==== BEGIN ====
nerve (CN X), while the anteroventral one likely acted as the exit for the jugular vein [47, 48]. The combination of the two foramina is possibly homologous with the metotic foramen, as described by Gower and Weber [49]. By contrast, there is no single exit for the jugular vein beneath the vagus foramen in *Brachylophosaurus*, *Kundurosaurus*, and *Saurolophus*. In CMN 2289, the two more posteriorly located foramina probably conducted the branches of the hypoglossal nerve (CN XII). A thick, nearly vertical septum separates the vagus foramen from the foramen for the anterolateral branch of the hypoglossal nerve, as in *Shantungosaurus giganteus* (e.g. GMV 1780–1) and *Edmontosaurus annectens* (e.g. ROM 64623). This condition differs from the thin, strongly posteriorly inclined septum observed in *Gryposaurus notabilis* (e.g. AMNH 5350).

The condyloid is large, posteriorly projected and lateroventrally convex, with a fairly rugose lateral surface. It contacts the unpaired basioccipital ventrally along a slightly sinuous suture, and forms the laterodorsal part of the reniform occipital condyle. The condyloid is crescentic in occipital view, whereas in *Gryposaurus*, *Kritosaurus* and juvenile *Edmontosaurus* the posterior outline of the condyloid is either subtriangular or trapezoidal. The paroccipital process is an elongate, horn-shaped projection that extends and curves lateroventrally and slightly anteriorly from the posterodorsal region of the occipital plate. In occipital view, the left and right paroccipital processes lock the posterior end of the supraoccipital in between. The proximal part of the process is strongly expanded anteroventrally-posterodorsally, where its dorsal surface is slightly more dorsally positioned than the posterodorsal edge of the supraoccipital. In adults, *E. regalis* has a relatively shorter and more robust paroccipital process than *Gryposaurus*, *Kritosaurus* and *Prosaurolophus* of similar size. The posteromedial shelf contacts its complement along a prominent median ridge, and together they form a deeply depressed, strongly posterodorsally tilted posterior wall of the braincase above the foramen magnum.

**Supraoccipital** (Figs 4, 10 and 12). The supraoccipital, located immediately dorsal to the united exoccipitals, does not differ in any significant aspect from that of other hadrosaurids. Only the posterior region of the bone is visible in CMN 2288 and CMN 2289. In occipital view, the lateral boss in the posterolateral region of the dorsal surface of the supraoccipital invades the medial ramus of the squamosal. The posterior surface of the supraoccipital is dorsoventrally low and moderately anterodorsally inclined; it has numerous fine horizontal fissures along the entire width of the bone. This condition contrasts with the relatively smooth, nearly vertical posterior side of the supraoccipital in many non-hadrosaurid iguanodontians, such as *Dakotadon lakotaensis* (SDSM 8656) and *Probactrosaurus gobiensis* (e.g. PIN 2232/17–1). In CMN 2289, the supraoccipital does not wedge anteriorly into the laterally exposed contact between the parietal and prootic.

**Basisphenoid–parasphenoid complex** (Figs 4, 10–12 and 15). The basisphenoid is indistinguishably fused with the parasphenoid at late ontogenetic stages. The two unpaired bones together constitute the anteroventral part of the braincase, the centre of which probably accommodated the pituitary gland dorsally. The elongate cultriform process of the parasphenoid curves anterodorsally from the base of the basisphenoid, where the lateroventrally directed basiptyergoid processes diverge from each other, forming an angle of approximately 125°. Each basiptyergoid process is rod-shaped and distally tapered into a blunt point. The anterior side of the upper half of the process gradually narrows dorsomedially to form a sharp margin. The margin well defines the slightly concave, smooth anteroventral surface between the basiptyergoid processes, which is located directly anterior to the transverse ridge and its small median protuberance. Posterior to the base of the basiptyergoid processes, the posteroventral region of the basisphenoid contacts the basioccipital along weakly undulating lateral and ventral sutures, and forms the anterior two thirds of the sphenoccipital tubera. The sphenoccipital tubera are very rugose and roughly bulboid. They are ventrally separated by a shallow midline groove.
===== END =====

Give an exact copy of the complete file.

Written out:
nerve (CN X), while the anteroventral one likely acted as the exit for the jugular vein [47, 48]. The combination of the two foramina is possibly homologous with the metotic foramen, as described by Gower and Weber [49]. By contrast, there is no single exit for the jugular vein beneath the vagus foramen in *Brachylophosaurus*, *Kundurosaurus*, and *Saurolophus*. In CMN 2289, the two more posteriorly located foramina probably conducted the branches of the hypoglossal nerve (CN XII). A thick, nearly vertical septum separates the vagus foramen from the foramen for the anterolateral branch of the hypoglossal nerve, as in *Shantungosaurus giganteus* (e.g. GMV 1780–1) and *Edmontosaurus annectens* (e.g. ROM 64623). This condition differs from the thin, strongly posteriorly inclined septum observed in *Gryposaurus notabilis* (e.g. AMNH 5350).

The condyloid is large, posteriorly projected and lateroventrally convex, with a fairly rugose lateral surface. It contacts the unpaired basioccipital ventrally along a slightly sinuous suture, and forms the laterodorsal part of the reniform occipital condyle. The condyloid is crescentic in occipital view, whereas in *Gryposaurus*, *Kritosaurus* and juvenile *Edmontosaurus* the posterior outline of the condyloid is either subtriangular or trapezoidal. The paroccipital process is an elongate, horn-shaped projection that extends and curves lateroventrally and slightly anteriorly from the posterodorsal region of the occipital plate. In occipital view, the left and right paroccipital processes lock the posterior end of the supraoccipital in between. The proximal part of the process is strongly expanded anteroventrally-posterodorsally, where its dorsal surface is slightly more dorsally positioned than the posterodorsal edge of the supraoccipital. In adults, *E. regalis* has a relatively shorter and more robust paroccipital process than *Gryposaurus*, *Kritosaurus* and *Prosaurolophus* of similar size. The posteromedial shelf contacts its complement along a prominent median ridge, and together they form a deeply depressed, strongly posterodorsally tilted posterior wall of the braincase above the foramen magnum.

**Supraoccipital** (Figs 4, 10 and 12). The supraoccipital, located immediately dorsal to the united exoccipitals, does not differ in any significant aspect from that of other hadrosaurids. Only the posterior region of the bone is visible in CMN 2288 and CMN 2289. In occipital view, the lateral boss in the posterolateral region of the dorsal surface of the supraoccipital invades the medial ramus of the squamosal. The posterior surface of the supraoccipital is dorsoventrally low and moderately anterodorsally inclined; it has numerous fine horizontal fissures along the entire width of the bone. This condition contrasts with the relatively smooth, nearly vertical posterior side of the supraoccipital in many non-hadrosaurid iguanodontians, such as *Dakotadon lakotaensis* (SDSM 8656) and *Probactrosaurus gobiensis* (e.g. PIN 2232/17–1). In CMN 2289, the supraoccipital does not wedge anteriorly into the laterally exposed contact between the parietal and prootic.

**Basisphenoid–parasphenoid complex** (Figs 4, 10–12 and 15). The basisphenoid is indistinguishably fused with the parasphenoid at late ontogenetic stages. The two unpaired bones together constitute the anteroventral part of the braincase, the centre of which probably accommodated the pituitary gland dorsally. The elongate cultriform process of the parasphenoid curves anterodorsally from the base of the basisphenoid, where the lateroventrally directed basiptyergoid processes diverge from each other, forming an angle of approximately 125°. Each basiptyergoid process is rod-shaped and distally tapered into a blunt point. The anterior side of the upper half of the process gradually narrows dorsomedially to form a sharp margin. The margin well defines the slightly concave, smooth anteroventral surface between the basiptyergoid processes, which is located directly anterior to the transverse ridge and its small median protuberance. Posterior to the base of the basiptyergoid processes, the posteroventral region of the basisphenoid contacts the basioccipital along weakly undulating lateral and ventral sutures, and forms the anterior two thirds of the sphenoccipital tubera. The sphenoccipital tubera are very rugose and roughly bulboid. They are ventrally separated by a shallow midline groove.